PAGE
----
Rick Worrel, an Overland Park businessman and advocate for heart health in Overland Park, had helped train thousands of people to learn how to do hands-only CPR.
Worrel died at 58 after a second episode of cardiac arrest a few weeks ago, but his family wants to continue his mission by placing a CPR kiosk in Overland Park.
Laura Lopez, executive director of the American Heart Association said the feedback from a CPR kiosk for each individual who practices with it “is really, really critical when learning CPR to make sure that people have a feel for what it would be like should they be in a circumstance where they need to perform CPR.”
“Rick was a wonderful, passionate volunteer and friend to the American Heart Association,” Lopez said. “Rick’s passion was that for anyone battling cardiac arrest, or there are other things that can happen where one may need CPR — to make sure that everybody in the community had ample opportunity to be trained. A CPR kiosk allows us to do that.”
Lopez said the advocacy of Worrel and his family has spurred the fundraising efforts to cover the installation costs.
A CPR kiosk contains a video of a CPR demonstration for individuals to watch as well as a CPR “Annie” doll for individuals to practice giving compressions. The doll then provides direct feedback to the individual learning CPR on the kiosk, providing tips on pressure and pace of the compressions.
The training provided by the CPR kiosk takes about three minutes to learn hands-only CPR.
Worrel had suffered a cardiac arrest while running a race in 2016; because of bystander CPR, he survived, Lopez said. This life-saving event was a catalyst for much of Worrel’s advocacy work up until his death a few weeks ago.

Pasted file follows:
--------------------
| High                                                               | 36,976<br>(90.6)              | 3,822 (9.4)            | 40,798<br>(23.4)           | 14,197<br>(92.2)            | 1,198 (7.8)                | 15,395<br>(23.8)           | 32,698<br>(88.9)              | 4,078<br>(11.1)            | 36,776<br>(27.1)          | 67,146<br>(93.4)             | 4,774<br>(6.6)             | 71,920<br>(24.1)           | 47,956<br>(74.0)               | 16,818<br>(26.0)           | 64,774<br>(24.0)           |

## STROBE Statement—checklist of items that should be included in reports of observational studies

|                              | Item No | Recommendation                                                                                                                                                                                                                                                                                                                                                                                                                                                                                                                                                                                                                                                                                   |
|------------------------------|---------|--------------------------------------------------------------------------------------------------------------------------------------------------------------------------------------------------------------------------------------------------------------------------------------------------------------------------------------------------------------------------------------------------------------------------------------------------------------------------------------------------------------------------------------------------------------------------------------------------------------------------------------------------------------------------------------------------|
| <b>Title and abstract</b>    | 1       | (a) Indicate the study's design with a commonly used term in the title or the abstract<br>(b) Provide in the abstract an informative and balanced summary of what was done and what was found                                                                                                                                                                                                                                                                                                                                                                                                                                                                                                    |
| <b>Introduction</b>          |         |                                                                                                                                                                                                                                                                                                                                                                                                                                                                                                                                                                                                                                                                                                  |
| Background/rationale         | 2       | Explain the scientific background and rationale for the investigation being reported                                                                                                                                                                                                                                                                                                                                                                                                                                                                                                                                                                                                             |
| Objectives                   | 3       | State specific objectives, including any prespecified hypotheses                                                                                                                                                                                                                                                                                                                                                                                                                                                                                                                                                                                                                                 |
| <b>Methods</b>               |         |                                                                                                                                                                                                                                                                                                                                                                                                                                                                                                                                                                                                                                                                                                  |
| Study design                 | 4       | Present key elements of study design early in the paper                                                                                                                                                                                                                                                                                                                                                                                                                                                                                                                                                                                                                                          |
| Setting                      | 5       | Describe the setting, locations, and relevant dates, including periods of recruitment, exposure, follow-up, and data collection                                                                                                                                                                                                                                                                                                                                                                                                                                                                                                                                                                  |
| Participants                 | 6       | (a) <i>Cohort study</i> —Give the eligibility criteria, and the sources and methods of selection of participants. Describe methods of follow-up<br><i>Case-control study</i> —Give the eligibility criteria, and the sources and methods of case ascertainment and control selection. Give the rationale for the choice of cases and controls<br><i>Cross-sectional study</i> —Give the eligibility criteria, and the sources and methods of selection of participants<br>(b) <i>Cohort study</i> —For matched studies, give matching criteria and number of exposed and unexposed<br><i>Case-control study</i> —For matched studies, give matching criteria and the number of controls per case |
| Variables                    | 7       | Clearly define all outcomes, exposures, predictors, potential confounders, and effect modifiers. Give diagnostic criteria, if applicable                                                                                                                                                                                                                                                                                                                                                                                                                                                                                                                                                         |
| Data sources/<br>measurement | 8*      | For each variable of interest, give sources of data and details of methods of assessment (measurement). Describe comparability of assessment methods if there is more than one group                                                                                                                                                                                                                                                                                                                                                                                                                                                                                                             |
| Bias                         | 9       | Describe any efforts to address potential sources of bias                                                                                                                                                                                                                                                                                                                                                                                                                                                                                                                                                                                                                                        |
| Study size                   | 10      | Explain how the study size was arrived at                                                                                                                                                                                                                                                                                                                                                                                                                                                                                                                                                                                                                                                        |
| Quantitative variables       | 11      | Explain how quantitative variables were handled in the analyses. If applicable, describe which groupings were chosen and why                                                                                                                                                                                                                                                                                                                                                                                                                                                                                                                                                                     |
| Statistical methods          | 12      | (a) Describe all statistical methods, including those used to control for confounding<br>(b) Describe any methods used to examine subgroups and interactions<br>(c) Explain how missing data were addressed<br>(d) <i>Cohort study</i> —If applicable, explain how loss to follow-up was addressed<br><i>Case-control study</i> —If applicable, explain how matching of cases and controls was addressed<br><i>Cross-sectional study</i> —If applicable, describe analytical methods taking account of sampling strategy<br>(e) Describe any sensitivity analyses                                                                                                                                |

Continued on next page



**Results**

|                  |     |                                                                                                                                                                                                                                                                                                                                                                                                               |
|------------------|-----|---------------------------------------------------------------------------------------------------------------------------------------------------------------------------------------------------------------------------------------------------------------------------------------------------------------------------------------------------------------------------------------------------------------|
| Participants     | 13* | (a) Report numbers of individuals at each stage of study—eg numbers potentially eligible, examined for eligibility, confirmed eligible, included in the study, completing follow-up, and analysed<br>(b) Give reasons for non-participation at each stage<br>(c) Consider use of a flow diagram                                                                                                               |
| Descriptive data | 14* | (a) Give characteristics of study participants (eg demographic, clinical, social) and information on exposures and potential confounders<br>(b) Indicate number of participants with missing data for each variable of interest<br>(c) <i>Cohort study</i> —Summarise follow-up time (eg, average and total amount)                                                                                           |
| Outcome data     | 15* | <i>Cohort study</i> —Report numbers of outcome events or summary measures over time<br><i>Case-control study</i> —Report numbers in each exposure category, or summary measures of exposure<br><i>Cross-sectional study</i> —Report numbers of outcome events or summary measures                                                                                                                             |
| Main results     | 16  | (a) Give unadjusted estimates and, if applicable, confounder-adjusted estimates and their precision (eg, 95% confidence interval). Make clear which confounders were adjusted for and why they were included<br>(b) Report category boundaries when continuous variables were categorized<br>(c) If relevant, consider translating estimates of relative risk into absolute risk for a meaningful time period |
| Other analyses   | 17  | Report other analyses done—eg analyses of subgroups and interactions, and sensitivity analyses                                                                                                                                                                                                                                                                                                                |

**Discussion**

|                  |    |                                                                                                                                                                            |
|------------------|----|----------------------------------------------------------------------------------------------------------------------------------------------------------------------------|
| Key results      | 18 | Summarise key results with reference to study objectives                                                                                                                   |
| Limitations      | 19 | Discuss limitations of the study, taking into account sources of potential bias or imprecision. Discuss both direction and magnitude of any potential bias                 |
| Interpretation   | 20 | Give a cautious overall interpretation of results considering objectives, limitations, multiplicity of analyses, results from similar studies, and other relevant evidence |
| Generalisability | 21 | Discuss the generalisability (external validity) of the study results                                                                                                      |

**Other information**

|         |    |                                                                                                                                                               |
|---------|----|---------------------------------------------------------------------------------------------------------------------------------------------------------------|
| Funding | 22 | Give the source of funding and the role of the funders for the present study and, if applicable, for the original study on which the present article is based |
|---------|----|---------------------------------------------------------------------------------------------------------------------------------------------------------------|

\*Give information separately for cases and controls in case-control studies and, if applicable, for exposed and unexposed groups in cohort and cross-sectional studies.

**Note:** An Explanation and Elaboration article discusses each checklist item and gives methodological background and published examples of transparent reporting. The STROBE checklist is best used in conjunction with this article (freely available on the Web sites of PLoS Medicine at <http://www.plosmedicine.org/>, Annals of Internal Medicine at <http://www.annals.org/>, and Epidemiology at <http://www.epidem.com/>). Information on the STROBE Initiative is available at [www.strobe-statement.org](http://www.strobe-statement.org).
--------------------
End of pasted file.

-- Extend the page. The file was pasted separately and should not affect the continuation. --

“He really became involved with the Heart Association because he was so passionate about people learning the importance of hands-only CPR and making sure that, should he or anyone else in our community experience cardiac arrest, someone around them could immediately go into action,” Lopez said. “Rick was extremely passionate about that.”
A CPR kiosk costs $375,000; payment for a kiosk can be dispersed over a three-year period.
“This is an investment in people’s future and an investment in education in the community,” Lopez said. “So any gift that people are able to make, we are greatly appreciative of that, and we’ll put that towards making sure that Kansas City has a kiosk that the entire community can learn on.”
A location has not been designated, but once a spot is selected and funds are raised, the kiosk could be ready for use within 12 weeks, Lopez said.
Jim Holland, a volunteer of the American Heart Association and friend of Worrel who shared his passion for CPR training, said the CPR kiosk is “a true legacy” to Worrel.
“Even with him not being here, if we’re able to get this accomplished, it’ll be something that he would be very proud of because he knows that eventually, it’s going to touch somebody’s life,” Holland said. “Because somebody’s going to use this kiosk to learn CPR and then save somebody’s life. I think Rick would think that’s really cool.”